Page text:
Macro badges are often slapped on lenses that offer a magnification factor of 0.5x or less. However, true macro lenses (or 'Micro', as Nikon calls them) deliver 1.0x, or 1:1, magnification. This means that if you photograph a small object at the lens' closest focus distance setting, it will be the same size as the image projected onto the camera's sensor.
A 1.0x magnification factor might not sound impressive, but bear in mind that this is on the sensor itself. When the digital image is viewed on a computer screen or turned into a photo print, there's the potential for enormous enlargement - levels of detail are revealed that are practically invisible to the naked eye.
To get full 1.0x magnification, you'll need a macro prime lens rather than a 'macro' zoom lens. Even then, some prime lenses bearing the macro designation don't give full 1.0x magnification.
All of the lenses we've included in this test fit the 1.0x criteria, but there are still some major differences between them.
The focal lengths of the lenses in our roundup range from 40mm to 105mm. Unlike some antiquated optics, all modern macro lenses are dual-purpose designs. They're good for close-ups but also as high-quality prime lenses with a fairly 'fast' maximum aperture, typically f/2.8, which is great for portraits or shooting in low light.
Which lens? Choose the best lens for your DSLR.
The only variations in this group are the Nikon 85mm f/3.5G AF-S DX ED VR Micro, which is two-thirds of a stop slower, at f/3.5, and the Tamron 60mm f/2 SP AF Di II Macro, which is one stop faster, at f/2.
A more crucial factor is what focal length is going to be most useful to you. Nikon cameras with APS-C-format sensors have a 1.5x focal length multiplier, or crop factor. The Nikon 40mm f/2.8G AF-S DX Micro would therefore have an effective focal length of 60mm, which is also useful for general shooting with a fairly standard effective focal length.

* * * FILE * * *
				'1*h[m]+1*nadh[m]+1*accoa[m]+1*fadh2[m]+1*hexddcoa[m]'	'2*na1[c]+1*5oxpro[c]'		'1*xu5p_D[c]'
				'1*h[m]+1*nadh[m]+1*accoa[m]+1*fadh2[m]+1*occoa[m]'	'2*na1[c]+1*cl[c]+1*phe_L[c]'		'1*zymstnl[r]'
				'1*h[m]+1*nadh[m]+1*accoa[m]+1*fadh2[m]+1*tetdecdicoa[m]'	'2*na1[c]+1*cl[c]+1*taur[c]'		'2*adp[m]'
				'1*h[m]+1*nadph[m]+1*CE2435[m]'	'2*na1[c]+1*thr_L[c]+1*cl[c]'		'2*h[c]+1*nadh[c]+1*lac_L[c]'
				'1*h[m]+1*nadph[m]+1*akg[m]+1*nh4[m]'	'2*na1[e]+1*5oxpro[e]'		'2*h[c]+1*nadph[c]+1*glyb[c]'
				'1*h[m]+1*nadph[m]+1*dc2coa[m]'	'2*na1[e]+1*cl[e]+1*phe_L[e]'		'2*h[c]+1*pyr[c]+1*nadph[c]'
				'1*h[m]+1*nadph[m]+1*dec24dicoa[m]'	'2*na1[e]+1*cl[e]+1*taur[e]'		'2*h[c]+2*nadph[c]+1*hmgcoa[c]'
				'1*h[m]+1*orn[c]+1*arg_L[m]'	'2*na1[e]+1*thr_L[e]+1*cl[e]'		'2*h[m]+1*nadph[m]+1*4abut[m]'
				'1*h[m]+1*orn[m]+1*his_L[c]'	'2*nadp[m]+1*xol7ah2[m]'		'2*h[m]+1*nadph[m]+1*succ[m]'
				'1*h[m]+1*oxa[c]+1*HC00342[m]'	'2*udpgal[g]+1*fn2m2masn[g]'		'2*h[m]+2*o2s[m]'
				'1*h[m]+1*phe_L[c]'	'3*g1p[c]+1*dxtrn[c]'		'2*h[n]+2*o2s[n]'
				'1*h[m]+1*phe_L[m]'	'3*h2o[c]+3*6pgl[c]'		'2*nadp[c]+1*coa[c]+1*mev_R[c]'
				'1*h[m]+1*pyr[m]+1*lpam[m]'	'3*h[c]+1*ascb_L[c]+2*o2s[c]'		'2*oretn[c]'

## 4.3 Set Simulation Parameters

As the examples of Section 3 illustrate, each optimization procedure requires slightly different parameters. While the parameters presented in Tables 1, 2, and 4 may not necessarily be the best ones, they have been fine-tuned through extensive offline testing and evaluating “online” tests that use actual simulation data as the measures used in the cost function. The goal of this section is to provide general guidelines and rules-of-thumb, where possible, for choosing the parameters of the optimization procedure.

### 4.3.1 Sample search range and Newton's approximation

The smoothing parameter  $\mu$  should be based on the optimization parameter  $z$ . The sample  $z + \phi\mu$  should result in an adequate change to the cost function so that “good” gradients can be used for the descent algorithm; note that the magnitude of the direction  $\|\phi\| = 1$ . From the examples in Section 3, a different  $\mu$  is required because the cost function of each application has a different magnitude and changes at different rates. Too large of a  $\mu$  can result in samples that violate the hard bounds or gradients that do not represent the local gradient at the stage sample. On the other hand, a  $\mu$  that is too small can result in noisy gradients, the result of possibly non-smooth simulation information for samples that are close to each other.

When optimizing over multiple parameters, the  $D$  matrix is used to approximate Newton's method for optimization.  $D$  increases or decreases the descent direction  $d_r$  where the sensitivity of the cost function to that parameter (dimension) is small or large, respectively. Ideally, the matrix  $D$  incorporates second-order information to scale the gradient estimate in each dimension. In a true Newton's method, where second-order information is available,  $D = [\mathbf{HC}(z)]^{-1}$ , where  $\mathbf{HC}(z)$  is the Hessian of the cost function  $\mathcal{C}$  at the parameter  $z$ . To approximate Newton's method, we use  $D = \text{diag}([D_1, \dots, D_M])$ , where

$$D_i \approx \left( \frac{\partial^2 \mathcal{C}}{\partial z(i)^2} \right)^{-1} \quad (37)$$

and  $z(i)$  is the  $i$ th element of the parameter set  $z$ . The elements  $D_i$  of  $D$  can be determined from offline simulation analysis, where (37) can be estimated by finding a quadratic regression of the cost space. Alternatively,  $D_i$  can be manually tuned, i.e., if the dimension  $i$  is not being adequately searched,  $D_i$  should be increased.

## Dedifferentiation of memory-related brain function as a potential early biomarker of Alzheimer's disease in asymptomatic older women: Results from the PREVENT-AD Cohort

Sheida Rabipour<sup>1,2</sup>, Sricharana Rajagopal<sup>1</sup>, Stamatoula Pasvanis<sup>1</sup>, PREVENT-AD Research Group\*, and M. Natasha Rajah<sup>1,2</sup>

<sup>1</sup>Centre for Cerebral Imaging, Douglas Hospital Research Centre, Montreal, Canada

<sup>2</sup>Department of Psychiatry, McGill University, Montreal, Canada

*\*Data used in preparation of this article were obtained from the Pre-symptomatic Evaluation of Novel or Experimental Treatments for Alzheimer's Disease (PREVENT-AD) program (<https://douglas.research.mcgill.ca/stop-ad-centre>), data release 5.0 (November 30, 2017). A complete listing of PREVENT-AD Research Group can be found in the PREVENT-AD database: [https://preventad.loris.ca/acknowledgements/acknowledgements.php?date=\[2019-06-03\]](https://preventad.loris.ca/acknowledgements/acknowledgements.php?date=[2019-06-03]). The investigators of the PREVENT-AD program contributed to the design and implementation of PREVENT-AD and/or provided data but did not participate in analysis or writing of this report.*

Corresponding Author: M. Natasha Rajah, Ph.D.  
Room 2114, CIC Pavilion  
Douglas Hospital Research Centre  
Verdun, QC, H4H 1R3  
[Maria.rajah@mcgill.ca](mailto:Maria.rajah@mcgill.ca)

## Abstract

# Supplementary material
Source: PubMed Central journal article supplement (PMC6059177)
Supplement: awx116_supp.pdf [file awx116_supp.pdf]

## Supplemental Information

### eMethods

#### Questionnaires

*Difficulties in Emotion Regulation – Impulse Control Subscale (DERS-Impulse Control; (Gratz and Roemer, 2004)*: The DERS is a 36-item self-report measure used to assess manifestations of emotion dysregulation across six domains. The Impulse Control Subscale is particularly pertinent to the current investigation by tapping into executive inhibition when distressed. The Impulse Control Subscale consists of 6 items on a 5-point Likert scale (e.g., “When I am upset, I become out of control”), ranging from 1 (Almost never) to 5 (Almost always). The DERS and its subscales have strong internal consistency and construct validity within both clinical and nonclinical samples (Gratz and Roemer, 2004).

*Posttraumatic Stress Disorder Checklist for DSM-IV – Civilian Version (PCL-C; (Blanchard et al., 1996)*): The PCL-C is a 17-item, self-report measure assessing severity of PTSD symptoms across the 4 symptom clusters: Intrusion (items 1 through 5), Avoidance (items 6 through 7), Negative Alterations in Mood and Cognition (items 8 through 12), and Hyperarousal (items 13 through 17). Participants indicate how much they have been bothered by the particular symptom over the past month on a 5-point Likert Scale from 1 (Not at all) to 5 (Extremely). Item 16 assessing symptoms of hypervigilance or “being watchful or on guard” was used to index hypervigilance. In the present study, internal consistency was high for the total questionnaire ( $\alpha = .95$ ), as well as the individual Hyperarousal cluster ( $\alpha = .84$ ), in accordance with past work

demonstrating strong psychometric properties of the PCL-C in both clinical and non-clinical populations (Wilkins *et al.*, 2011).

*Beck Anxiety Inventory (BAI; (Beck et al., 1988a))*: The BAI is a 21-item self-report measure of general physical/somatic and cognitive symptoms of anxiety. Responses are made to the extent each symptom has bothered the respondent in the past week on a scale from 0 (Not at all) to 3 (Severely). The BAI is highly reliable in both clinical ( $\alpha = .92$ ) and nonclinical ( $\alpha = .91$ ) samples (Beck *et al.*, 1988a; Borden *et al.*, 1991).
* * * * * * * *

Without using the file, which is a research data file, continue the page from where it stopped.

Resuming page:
Lenses of 60mm equate to 90mm in terms of angle of view, so are good for portraits, whereas 105mm lenses give a telephoto reach equivalent to 157.5mm. You might think these could be good for action shots, but the focusing systems of macro lenses are often low-geared to enable the precise adjustments required for close-ups. That means autofocus can be too slow to keep pace with fast-moving action.
Focal length is an important factor to consider for macro photography. If you're shooting small bugs, for example, a greater focal length is preferable because the minimum focus distance will be longer. With a 105mm lens it will be about 35cm, but with a 40mm it's only about 16cm. This makes it hard to get close enough to tiny creatures without scaring them.
In fact, it's worse than it sounds because the focus distance is measured from the sensor, or 'focal plane', at the back of the camera. Take the depth of the camera body and the lens length into account, and the lens' front element can get very close to your subject. Shorter focal lengths are better for confined spaces and lower magnifications.
The quietness of the autofocus system can also play an important role when you're trying to photograph timid wildlife. All of the Nikon lenses on test, as well as the Sigma 105mm f/2.8 EX DG OS HSM Macro, feature very quiet, ring-type ultrasonic autofocus.
Best tripods and camera supports: 15 tested
This also has the advantage of full-time manual override in Single AF mode, so you can tweak the focus setting without switching back and forth between auto and manual focus options.
This is vital in macro photography because the depth of field is extremely small at the closest focus setting, which gives maximum magnification. At an aperture of f/5.6 it's just a millimetre or two, and even if you reduce the aperture to f/16, it will still only be 4mm.
Sometimes, in macro shooting it's easiest to just use manual focusing, to avoid the autofocus hunting through its entire range when making adjustments. The smoothness and precision of the lens' manual focus ring then becomes very important, though it's sometimes easier to make fine adjustments to the position of the camera instead.